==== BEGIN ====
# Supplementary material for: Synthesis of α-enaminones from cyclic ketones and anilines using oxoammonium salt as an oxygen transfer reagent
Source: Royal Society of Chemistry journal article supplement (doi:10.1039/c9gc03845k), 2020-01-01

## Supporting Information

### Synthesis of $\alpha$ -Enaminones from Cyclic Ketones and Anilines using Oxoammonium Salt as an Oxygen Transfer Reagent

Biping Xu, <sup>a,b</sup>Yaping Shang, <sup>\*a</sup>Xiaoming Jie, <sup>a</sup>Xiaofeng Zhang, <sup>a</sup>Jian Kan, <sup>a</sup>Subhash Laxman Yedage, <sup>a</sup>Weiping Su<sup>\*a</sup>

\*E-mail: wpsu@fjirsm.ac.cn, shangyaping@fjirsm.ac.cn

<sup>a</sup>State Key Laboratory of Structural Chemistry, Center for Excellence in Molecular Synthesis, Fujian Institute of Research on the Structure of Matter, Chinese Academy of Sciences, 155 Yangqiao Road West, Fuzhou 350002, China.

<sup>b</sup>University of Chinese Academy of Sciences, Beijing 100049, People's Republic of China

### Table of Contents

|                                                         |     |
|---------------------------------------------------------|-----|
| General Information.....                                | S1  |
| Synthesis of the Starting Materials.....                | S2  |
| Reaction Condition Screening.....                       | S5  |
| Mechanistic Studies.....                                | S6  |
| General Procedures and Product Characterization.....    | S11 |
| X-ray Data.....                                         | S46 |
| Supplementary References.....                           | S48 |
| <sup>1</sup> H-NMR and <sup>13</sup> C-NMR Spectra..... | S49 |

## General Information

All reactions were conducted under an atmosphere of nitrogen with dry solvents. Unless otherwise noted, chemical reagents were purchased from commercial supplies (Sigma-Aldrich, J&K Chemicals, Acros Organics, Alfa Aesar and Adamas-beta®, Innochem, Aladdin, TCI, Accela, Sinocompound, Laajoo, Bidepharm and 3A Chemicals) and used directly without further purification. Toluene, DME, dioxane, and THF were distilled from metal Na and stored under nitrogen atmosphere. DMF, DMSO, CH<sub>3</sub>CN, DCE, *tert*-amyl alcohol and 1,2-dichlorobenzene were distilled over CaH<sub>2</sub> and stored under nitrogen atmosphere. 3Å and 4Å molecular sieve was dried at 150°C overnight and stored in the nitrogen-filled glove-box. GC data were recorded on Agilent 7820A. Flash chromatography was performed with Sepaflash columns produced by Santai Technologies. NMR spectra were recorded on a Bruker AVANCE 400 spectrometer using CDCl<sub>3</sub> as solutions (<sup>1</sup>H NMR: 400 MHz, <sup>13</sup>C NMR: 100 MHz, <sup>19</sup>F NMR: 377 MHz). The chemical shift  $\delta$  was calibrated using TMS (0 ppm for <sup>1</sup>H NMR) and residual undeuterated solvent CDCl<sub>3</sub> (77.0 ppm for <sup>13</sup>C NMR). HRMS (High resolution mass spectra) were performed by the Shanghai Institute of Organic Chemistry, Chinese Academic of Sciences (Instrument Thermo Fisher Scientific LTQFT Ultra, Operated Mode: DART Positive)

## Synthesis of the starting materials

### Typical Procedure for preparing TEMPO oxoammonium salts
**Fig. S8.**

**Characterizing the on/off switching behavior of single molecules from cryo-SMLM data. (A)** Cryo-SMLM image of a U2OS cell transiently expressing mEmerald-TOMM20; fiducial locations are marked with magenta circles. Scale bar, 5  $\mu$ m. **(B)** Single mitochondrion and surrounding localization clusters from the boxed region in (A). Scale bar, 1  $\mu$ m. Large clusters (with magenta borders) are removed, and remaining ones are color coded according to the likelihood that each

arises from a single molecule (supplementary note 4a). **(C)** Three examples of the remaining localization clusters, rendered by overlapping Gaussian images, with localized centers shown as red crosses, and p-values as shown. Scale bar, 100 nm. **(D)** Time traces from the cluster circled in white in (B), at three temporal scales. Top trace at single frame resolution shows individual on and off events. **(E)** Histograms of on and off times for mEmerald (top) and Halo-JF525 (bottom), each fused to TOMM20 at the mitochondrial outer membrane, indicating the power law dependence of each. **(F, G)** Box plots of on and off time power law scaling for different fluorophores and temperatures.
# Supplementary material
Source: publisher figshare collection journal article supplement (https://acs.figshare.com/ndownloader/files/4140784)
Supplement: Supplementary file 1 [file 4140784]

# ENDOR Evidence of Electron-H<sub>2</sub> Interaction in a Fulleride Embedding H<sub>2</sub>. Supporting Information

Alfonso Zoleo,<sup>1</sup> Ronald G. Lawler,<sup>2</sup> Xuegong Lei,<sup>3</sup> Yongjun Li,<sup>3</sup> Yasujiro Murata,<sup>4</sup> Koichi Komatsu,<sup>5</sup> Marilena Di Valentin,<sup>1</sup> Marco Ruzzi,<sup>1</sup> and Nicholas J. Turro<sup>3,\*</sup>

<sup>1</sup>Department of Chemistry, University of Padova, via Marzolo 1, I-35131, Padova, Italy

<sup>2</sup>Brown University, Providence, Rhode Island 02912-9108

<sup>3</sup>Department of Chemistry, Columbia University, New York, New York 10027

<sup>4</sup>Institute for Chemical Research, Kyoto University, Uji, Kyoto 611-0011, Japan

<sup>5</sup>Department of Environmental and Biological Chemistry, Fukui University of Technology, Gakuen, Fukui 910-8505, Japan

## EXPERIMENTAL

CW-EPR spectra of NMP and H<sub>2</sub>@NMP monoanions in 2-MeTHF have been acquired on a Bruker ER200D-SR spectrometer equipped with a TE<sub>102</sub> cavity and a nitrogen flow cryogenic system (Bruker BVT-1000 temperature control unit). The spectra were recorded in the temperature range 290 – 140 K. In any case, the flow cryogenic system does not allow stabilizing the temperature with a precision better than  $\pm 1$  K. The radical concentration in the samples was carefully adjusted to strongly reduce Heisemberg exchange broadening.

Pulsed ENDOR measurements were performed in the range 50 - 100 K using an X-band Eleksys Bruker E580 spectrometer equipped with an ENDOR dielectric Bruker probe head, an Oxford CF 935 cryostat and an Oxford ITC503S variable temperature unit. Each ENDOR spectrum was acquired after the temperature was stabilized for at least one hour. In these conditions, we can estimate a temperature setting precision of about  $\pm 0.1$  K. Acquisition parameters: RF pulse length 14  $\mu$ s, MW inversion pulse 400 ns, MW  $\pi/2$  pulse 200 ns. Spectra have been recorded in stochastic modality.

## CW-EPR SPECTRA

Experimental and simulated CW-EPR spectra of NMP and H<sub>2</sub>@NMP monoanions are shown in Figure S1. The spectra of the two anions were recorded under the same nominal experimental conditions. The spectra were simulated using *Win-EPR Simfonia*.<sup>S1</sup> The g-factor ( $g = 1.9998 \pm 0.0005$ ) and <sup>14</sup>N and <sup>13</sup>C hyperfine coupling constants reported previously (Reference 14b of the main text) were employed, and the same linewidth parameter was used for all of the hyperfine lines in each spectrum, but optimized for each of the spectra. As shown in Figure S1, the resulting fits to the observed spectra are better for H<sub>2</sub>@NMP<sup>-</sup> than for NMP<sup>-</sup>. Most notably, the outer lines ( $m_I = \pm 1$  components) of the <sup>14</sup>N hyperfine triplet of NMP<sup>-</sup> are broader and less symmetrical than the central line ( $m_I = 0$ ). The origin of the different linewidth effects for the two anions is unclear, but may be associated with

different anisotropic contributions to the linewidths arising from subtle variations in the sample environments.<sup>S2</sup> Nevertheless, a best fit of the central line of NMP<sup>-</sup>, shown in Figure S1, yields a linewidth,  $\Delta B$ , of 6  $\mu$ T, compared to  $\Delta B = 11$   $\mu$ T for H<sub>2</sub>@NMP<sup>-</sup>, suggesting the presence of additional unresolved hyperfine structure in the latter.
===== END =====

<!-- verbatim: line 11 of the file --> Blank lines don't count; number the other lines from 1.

|---------------------------------------------------------|-----|